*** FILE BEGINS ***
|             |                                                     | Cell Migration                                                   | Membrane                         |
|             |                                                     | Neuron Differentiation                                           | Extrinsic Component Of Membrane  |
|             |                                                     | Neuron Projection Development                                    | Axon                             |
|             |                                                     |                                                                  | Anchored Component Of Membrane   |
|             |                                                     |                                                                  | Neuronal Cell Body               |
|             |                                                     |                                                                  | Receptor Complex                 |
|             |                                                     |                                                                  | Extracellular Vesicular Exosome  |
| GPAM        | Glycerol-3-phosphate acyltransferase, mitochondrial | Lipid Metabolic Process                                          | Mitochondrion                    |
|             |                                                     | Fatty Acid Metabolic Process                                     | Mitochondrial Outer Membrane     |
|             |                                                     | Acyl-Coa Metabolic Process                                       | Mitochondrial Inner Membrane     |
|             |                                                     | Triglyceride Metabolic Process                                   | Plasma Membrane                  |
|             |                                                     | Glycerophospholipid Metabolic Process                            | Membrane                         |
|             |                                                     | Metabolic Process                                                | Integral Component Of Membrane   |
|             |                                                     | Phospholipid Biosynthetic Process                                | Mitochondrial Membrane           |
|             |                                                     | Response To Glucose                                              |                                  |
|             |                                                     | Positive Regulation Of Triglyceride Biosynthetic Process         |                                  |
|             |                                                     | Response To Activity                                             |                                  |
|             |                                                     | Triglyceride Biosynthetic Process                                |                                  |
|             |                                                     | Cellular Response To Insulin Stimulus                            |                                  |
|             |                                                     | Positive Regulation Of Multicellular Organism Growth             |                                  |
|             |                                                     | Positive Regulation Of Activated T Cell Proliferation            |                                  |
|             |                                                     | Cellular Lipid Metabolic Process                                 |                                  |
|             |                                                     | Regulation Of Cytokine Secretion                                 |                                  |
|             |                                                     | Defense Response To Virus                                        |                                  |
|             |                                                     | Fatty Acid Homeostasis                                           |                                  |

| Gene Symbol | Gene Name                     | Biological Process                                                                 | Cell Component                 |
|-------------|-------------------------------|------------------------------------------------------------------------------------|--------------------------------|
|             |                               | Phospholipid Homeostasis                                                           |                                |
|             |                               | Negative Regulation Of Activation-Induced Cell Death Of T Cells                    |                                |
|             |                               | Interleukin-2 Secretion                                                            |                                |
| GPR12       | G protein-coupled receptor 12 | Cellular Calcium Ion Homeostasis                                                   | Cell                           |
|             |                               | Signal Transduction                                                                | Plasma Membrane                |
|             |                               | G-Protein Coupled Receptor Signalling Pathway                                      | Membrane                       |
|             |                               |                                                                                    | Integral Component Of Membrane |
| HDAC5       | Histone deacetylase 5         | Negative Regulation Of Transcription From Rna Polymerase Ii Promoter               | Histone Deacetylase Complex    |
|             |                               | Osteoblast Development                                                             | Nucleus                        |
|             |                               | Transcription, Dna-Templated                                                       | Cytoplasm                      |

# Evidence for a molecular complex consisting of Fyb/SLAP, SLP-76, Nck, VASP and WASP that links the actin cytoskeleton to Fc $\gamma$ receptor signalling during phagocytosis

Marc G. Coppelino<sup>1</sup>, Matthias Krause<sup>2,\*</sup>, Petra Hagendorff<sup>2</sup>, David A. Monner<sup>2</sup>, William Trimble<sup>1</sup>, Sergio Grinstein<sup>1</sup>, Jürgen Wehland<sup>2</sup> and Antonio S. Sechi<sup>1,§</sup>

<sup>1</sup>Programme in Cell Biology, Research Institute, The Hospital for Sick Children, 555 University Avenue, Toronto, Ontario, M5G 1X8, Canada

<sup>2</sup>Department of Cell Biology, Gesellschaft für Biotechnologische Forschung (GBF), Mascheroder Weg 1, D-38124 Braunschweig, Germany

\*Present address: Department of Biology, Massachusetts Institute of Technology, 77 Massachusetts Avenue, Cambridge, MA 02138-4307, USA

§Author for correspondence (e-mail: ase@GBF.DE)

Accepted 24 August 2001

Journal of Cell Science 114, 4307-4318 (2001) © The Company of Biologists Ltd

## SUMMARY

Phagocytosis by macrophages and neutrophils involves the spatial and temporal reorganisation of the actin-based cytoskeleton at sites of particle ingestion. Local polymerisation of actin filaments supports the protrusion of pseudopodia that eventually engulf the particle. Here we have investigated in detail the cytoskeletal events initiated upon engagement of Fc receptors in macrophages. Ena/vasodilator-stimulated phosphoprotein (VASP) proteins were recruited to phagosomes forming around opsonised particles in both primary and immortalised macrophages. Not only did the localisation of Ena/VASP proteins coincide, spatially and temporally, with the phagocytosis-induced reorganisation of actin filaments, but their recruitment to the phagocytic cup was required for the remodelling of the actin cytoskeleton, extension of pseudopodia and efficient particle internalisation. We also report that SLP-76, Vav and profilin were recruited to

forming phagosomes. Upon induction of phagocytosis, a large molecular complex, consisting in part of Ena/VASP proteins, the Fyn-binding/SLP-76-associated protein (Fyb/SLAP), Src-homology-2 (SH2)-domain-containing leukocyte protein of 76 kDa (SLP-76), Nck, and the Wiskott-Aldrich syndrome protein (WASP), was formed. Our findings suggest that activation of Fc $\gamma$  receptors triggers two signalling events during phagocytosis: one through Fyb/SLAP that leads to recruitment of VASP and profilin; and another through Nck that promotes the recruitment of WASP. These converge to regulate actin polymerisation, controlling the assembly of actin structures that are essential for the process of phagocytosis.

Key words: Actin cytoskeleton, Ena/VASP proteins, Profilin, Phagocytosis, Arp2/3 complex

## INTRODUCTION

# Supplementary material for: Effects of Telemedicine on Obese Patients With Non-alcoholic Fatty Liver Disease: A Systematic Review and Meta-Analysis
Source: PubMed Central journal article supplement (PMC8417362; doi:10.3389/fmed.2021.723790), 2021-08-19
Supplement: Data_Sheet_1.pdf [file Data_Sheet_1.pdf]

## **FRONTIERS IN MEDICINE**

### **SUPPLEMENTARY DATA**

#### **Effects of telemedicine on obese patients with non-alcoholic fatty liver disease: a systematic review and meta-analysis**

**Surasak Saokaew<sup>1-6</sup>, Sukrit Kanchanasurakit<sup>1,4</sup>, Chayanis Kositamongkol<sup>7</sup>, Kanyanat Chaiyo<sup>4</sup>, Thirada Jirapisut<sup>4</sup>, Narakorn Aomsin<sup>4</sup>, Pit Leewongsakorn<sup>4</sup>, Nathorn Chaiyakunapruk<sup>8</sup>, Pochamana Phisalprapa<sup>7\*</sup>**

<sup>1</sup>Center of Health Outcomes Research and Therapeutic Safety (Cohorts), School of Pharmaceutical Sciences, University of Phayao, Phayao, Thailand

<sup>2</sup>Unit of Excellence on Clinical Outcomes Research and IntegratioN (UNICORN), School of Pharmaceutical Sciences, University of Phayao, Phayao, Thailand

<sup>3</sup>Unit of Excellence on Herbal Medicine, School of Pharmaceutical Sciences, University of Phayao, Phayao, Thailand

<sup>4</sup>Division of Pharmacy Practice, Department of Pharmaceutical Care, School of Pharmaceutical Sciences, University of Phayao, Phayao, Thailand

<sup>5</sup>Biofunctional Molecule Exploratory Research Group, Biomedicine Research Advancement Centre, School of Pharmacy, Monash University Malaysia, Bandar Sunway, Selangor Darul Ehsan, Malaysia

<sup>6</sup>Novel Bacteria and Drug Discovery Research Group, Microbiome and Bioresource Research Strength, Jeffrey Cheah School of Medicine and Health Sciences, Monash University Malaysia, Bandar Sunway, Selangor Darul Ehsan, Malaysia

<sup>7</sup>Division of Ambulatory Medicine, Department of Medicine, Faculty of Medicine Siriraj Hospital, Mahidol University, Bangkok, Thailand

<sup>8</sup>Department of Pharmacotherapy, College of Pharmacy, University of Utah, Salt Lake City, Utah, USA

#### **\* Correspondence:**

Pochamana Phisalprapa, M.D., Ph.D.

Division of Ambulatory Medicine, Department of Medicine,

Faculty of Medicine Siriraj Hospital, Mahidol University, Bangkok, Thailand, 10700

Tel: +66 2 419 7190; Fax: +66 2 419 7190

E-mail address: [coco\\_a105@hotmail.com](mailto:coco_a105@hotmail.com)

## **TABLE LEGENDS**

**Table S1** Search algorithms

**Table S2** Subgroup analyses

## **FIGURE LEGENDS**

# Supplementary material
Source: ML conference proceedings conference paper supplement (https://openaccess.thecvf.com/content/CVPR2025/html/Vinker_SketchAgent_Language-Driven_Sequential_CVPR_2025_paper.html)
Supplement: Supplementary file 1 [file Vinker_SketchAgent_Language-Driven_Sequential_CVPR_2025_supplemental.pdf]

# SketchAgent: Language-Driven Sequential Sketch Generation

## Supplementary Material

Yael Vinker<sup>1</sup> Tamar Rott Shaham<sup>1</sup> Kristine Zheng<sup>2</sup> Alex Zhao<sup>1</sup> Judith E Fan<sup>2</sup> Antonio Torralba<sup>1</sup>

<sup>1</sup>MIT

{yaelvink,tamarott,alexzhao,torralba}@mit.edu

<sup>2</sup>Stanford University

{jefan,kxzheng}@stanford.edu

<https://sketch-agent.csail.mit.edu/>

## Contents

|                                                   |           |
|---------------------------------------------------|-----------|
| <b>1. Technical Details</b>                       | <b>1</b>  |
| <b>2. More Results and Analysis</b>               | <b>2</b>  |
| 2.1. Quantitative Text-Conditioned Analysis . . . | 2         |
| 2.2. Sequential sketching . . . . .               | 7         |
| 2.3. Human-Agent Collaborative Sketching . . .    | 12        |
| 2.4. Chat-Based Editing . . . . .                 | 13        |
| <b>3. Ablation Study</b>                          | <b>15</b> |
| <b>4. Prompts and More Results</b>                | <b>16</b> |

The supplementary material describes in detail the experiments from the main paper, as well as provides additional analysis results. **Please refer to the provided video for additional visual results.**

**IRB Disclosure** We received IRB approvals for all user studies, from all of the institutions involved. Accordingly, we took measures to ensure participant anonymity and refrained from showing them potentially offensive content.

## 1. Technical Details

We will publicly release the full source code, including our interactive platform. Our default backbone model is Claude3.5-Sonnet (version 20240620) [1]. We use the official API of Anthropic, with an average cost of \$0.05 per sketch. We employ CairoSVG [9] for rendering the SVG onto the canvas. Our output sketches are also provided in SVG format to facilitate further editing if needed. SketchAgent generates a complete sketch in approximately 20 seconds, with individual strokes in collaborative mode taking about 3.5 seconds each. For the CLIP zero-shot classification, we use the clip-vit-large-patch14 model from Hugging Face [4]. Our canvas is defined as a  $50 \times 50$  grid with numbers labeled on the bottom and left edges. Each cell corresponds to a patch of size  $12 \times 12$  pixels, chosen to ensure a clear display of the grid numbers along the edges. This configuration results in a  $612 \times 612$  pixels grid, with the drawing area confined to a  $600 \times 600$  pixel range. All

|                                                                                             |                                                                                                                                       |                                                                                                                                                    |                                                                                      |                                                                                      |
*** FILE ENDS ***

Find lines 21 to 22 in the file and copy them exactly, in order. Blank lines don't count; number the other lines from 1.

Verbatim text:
|             |                                                     | Positive Regulation Of Activated T Cell Proliferation            |                                  |
|             |                                                     | Cellular Lipid Metabolic Process                                 |                                  |